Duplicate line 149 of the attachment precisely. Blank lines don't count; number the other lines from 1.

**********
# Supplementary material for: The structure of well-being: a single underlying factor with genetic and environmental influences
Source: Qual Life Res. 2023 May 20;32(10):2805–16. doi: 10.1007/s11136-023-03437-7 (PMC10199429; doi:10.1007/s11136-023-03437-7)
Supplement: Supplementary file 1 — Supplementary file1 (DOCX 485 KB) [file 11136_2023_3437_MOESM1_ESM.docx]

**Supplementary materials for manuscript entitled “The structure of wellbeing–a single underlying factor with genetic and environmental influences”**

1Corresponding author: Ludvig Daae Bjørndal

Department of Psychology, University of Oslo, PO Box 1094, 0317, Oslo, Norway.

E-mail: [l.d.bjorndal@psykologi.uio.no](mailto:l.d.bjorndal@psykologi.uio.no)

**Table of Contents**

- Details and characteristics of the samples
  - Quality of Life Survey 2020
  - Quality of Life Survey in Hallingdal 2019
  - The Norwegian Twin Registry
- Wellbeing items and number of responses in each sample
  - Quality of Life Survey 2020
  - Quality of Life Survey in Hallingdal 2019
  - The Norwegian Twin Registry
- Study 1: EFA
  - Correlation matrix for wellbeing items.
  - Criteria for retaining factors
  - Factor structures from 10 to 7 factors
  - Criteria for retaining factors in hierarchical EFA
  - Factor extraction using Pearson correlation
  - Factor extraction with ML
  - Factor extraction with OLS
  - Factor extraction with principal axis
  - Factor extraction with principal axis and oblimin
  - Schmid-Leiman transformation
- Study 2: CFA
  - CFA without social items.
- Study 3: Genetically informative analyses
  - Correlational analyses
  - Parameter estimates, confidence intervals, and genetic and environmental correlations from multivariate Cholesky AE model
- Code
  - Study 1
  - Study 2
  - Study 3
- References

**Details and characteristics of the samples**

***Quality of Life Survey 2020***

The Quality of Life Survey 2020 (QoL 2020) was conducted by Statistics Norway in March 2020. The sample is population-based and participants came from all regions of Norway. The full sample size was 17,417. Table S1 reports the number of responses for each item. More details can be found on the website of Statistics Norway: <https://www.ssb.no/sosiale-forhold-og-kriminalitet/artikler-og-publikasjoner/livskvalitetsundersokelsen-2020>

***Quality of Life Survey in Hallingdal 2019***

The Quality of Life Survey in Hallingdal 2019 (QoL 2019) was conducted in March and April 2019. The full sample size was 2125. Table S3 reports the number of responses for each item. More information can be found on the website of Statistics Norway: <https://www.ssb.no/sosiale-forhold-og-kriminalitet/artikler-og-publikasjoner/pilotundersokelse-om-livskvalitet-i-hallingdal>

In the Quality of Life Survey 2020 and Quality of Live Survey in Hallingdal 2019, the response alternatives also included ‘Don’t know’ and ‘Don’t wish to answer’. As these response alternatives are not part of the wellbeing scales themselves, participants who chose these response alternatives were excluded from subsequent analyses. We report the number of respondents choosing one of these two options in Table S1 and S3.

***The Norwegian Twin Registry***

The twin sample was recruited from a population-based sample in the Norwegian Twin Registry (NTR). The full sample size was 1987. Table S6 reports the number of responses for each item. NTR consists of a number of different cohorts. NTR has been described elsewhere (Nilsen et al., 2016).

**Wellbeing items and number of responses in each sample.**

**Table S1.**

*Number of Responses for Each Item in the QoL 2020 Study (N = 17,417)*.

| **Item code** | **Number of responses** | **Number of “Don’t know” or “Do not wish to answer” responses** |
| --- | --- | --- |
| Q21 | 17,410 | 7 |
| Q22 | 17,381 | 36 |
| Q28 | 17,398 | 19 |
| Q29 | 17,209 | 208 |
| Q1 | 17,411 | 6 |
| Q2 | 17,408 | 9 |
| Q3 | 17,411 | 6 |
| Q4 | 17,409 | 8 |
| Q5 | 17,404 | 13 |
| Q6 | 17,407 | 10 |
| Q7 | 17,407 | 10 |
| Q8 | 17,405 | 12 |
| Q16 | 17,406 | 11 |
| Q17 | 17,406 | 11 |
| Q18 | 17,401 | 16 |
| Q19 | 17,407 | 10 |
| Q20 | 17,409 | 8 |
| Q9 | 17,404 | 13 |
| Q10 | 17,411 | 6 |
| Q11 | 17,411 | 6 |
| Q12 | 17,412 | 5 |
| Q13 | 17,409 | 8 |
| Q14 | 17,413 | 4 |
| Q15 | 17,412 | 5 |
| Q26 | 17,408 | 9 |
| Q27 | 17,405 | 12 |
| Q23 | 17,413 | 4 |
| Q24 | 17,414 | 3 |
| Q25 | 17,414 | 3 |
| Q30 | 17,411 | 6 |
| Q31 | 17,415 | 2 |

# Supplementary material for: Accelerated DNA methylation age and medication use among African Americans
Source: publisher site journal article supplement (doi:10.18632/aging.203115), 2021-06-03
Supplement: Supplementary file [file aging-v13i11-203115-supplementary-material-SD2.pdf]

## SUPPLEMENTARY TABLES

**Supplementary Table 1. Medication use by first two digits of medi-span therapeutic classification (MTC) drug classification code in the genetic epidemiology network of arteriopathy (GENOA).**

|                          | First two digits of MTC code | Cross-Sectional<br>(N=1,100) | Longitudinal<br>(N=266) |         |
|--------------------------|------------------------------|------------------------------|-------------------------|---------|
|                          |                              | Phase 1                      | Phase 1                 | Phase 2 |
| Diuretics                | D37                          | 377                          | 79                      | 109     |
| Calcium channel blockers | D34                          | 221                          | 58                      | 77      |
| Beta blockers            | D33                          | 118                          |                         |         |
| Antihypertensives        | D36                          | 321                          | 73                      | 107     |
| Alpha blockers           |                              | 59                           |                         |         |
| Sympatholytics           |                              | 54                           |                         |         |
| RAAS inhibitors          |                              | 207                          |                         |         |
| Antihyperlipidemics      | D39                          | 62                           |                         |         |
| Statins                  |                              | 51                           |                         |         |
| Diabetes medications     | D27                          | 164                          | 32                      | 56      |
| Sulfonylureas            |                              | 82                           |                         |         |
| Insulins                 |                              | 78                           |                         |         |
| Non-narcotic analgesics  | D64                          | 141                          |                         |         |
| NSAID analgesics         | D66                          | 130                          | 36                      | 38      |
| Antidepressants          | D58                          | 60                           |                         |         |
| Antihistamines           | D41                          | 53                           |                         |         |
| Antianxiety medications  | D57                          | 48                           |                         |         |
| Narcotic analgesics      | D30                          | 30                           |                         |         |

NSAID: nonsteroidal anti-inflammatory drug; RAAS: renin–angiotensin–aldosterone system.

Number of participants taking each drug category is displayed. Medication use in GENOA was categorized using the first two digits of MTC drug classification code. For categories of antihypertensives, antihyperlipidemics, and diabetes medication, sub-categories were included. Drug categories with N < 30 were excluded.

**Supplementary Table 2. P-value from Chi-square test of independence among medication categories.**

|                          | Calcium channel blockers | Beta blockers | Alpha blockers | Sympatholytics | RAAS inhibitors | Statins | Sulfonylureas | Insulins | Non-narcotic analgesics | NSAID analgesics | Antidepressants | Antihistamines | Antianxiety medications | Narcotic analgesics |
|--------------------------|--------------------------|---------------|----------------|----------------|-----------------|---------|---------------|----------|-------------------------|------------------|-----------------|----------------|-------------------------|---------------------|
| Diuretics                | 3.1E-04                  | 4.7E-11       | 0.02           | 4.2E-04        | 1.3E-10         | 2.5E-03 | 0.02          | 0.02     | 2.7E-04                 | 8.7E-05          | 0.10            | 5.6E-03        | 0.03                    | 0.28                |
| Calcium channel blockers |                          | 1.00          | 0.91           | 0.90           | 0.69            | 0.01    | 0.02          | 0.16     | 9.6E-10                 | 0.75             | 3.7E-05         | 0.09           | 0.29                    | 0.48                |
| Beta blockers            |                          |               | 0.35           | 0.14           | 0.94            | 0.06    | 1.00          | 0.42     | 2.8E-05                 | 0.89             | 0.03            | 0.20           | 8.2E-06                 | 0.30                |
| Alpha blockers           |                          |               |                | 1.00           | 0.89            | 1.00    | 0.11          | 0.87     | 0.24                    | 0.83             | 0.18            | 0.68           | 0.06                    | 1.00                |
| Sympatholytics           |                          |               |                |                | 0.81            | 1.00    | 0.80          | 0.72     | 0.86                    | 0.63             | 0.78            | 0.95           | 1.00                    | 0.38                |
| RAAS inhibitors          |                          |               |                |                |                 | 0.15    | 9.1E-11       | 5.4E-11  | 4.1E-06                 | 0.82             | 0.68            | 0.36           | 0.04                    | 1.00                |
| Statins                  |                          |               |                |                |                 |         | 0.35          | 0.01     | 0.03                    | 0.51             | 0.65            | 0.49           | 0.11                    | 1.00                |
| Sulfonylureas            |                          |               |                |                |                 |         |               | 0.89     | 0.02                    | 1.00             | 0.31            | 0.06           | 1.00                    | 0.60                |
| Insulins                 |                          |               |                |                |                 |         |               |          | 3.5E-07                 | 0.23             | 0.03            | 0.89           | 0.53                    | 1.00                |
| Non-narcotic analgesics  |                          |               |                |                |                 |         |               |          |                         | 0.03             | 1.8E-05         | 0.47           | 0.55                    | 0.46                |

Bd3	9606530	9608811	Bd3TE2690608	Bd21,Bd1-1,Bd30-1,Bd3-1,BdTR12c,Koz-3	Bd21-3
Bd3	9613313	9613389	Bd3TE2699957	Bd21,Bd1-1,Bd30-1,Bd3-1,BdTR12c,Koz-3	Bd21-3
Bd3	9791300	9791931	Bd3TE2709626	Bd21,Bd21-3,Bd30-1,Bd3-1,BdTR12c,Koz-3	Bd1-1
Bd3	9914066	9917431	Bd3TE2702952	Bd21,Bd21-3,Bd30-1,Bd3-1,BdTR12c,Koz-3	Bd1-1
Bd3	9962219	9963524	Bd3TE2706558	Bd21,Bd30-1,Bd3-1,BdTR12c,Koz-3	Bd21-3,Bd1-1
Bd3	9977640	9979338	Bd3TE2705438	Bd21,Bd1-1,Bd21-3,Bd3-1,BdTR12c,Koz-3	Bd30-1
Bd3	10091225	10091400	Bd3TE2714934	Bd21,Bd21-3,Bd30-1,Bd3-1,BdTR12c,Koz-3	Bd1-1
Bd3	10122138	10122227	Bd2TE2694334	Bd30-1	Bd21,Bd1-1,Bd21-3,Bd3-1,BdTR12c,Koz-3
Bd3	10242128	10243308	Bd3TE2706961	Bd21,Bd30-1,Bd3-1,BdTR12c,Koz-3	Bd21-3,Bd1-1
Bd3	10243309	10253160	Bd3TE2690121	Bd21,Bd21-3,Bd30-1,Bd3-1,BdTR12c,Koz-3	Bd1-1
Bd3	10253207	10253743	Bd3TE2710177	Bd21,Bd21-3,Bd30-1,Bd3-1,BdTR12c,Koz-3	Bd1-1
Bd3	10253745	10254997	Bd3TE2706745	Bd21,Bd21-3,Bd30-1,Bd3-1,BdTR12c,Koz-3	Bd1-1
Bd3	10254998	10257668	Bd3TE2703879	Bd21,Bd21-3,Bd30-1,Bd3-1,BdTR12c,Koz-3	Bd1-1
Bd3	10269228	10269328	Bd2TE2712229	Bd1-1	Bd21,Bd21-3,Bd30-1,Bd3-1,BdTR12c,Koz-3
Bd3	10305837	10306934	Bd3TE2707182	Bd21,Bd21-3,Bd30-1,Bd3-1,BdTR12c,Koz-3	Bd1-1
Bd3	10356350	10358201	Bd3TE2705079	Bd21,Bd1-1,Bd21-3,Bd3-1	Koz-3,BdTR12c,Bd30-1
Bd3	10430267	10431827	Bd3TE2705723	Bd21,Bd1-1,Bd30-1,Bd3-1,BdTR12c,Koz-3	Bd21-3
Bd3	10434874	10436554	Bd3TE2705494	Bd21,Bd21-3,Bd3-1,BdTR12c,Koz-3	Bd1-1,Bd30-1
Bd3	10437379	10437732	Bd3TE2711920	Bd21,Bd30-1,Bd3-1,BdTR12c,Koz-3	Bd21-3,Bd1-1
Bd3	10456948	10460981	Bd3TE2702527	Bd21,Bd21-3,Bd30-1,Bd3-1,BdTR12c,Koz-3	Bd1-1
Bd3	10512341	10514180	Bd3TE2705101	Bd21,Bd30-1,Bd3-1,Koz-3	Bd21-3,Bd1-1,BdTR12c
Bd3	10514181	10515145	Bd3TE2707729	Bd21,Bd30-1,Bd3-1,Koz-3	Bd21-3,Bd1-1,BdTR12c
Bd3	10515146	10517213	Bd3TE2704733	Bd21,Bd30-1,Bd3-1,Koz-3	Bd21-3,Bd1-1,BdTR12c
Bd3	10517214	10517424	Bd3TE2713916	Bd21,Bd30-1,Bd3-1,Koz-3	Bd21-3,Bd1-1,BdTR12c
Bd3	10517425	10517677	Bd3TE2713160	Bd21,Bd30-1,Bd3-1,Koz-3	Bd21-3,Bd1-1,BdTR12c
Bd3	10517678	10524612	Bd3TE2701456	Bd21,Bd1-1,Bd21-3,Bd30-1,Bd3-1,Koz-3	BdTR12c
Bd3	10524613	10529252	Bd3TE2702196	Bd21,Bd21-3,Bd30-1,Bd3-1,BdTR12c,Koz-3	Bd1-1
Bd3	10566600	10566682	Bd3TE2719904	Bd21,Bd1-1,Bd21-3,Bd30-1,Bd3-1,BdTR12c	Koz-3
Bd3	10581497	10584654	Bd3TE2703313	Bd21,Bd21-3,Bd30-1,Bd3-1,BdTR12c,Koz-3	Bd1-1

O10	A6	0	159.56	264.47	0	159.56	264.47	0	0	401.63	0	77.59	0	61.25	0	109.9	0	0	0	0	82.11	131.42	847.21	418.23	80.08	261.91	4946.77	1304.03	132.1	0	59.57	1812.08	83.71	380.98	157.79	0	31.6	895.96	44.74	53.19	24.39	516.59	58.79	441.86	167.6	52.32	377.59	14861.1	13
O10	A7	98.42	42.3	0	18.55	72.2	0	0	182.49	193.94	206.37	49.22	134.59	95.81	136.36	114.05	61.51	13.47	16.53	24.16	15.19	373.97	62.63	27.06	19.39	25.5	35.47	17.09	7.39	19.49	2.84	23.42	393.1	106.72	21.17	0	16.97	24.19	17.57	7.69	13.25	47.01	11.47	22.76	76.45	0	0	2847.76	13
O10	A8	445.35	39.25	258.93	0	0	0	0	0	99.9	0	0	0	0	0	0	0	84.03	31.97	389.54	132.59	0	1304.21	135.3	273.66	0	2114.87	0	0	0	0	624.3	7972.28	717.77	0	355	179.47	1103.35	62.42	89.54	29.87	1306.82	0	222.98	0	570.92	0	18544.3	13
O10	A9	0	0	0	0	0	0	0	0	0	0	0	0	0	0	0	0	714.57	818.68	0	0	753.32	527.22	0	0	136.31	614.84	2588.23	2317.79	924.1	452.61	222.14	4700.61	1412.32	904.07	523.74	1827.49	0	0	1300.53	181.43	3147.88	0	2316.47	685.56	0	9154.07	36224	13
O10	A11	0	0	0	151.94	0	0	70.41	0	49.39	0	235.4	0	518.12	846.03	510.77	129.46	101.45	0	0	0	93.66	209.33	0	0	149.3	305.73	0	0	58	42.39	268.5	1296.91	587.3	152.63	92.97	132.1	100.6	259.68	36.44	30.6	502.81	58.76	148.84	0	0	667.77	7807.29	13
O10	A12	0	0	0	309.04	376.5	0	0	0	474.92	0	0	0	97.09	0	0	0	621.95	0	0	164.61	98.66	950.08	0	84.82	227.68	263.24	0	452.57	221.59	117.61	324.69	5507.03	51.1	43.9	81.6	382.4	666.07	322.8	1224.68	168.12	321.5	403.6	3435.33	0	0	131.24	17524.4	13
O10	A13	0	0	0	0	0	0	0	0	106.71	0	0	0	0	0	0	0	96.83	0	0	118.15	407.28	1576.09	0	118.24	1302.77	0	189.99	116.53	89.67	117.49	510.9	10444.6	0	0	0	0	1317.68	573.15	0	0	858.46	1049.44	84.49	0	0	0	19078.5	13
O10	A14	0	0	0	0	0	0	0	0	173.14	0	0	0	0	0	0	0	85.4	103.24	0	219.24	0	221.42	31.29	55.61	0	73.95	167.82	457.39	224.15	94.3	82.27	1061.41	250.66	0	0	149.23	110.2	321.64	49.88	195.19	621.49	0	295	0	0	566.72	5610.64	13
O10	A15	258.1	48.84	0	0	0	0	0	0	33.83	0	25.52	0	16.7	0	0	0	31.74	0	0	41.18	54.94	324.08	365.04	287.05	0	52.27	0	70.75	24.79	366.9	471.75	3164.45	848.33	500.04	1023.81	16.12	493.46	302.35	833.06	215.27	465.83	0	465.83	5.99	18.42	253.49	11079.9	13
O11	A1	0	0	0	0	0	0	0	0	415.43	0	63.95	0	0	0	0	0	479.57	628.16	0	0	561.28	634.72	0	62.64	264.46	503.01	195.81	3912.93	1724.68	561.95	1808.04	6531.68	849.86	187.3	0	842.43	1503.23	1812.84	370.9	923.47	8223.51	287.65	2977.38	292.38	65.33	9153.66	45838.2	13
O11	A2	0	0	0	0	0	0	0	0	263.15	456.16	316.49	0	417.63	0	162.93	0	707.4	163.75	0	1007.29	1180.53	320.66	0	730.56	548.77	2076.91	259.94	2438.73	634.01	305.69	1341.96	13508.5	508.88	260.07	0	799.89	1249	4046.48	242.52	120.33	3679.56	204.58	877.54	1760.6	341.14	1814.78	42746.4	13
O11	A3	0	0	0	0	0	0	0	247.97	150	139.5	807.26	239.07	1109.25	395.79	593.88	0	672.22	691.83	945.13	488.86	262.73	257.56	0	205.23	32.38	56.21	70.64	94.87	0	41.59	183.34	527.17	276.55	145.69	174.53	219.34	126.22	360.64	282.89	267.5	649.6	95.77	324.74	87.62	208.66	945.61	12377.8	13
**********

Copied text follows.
Bd3	10524613	10529252	Bd3TE2702196	Bd21,Bd21-3,Bd30-1,Bd3-1,BdTR12c,Koz-3	Bd1-1